Archive for Hubert Robert

Paysage avec une statue d’Isis

Posted in Drawing with tags , on October 18, 2016 by Dylan Thomas Hayden
Hubert Robert
red chalk, 1762
Hermitage Museum

The Ring

Posted in Painting, Poetry with tags , on October 17, 2016 by Dylan Thomas Hayden


Long since we were a family, a people,
The legends say; an old kind-hearted king
Was our foster father, and our life a fable.

Nature in wrath broke through the grassy ring
Where all our gathered treasures lay in sleep –
Many a rich and many a childish thing.

She filled with hoofs and horns the quiet keep.
Her herds beat down the turf and nosed the shrine
In bestial wonder, bull and adder and ape,

Lion and fox, all dressed by fancy fine
In human flesh and armed with arrows and spears;
But on the brow of each a secret sign

That haughtily put aside the sorrowful years
Or struck them down in stationary rage;
Yet they had tears that were not like our tears,

And new, all new, for Nature knows no age.
Fatherless, sonless, homeless haunters, they
Had never known the vow and the pilgrimage,

Poured from one fount into the faithless day.
We are their sons, but long ago we heard
Our fathers or our fathers’ fathers say

Out of their dream the long-forgotten word
That rounded again the ring where sleeping lay
Our treasures, still unrusted and unmarred.

Text: Edwin Muir, “The Ring”, The Spectator, 26 Dec 1941
Image: Hubert Robert, Paysage avec les ruines du Temple Rond, une statue de Vénus et un monument à Marc-Aurèle, 1789, Hermitage Museum


Posted in Painting with tags on October 16, 2016 by Dylan Thomas Hayden
Hubert Robert
oil on canvas, 1773
Hermitage Museum

Paysage avec colonne triomphale

Posted in Painting with tags on October 16, 2016 by Dylan Thomas Hayden
Hubert Robert
oil on canvas, 1773
Hermitage Museum

Ode on Melancholy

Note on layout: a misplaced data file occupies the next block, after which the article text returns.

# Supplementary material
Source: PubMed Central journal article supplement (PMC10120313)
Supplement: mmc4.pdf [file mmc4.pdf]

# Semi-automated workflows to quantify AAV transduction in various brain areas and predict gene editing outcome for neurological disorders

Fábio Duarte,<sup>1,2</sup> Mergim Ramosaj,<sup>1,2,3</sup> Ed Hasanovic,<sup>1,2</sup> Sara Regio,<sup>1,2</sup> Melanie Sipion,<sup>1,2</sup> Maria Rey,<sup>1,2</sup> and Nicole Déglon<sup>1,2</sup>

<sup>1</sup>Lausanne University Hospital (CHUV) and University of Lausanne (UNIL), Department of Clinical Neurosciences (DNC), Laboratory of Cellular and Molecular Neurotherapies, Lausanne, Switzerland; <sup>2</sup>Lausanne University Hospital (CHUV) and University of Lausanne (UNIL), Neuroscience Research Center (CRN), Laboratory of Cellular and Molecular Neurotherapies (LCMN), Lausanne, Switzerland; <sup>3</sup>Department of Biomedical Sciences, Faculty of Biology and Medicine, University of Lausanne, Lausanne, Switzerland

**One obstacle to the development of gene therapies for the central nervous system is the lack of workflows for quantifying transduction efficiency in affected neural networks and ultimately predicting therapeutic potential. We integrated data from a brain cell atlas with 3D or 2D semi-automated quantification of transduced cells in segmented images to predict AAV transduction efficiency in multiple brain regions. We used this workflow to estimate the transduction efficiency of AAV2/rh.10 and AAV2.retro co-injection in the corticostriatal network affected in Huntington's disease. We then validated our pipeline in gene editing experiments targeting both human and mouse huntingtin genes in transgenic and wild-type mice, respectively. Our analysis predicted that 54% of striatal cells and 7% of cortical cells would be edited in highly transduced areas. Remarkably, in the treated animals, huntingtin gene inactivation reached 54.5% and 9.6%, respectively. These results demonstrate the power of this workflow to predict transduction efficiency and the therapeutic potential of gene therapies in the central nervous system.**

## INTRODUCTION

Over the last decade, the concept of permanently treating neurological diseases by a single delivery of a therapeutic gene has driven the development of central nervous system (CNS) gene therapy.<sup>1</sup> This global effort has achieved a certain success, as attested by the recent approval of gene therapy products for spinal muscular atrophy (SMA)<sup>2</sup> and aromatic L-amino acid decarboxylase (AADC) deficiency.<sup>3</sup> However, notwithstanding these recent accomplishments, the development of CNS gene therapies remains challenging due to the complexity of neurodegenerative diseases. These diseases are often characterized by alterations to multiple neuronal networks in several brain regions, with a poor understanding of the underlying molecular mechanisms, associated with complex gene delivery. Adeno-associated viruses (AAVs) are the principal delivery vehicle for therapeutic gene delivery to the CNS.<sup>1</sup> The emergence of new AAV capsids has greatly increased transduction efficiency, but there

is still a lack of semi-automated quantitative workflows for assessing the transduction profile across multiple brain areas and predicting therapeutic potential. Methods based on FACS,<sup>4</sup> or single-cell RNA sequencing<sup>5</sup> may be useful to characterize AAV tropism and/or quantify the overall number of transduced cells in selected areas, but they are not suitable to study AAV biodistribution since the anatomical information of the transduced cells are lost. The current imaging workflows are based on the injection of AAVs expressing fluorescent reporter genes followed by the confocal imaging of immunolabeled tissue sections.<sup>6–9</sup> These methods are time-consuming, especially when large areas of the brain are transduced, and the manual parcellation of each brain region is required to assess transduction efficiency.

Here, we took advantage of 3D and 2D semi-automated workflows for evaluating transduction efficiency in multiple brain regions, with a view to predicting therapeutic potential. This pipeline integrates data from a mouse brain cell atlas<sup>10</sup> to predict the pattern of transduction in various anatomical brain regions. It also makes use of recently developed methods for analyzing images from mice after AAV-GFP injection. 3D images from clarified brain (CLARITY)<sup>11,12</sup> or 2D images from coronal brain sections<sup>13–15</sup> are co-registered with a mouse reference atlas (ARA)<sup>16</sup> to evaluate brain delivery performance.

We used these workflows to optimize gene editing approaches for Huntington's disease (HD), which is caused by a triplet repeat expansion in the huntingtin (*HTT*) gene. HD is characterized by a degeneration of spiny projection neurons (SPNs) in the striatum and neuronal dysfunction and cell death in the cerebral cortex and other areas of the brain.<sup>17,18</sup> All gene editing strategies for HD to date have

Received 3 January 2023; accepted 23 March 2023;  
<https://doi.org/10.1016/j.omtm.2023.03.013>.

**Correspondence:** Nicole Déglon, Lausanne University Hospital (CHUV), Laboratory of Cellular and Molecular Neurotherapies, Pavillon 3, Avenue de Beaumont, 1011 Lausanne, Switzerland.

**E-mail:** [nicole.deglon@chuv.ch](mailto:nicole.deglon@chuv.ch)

Posted in Painting, Poetry with tags , on October 15, 2016 by Dylan Thomas Hayden
 No, no, go not to Lethe, neither twist
Wolf’s-bane, tight-rooted, for its poisonous wine;
Nor suffer thy pale forehead to be kiss’d
By nightshade, ruby grape of Proserpine;
Make not your rosary of yew-berries,
Nor let the beetle, nor the death-moth be
Your mournful Psyche, nor the downy owl
A partner in your sorrow’s mysteries;
For shade to shade will come too drowsily,
And drown the wakeful anguish of the soul.
But when the melancholy fit shall fall
Sudden from heaven like a weeping cloud,
That fosters the droop-headed flowers all,
And hides the green hill in an April shroud;
Then glut thy sorrow on a morning rose,
Or on the rainbow of the salt sand-wave,
Or on the wealth of globed peonies;
Or if thy mistress some rich anger shows,
Emprison her soft hand, and let her rave,
And feed deep, deep upon her peerless eyes.
She dwells with Beauty—Beauty that must die;
And Joy, whose hand is ever at his lips
Bidding adieu; and aching Pleasure nigh,
Turning to poison while the bee-mouth sips:
Ay, in the very temple of Delight
Veil’d Melancholy has her sovran shrine,
Though seen of none save him whose strenuous tongue
Can burst Joy’s grape against his palate fine;
His soul shalt taste the sadness of her might,
And be among her cloudy trophies hung.
Text: John Keats, Lamia, Isabella, The Eve of St. Agnes and Other Poems. London: Taylor and Hessey, 1820
Image: Hubert Robert, Ruines avec un obélisque au fond, 1775, Pushkin Museum

Les Peintres

Posted in Painting with tags on October 14, 2016 by Dylan Thomas Hayden
Hubert Robert
oil on canvas, c. 1790
Hermitage Museum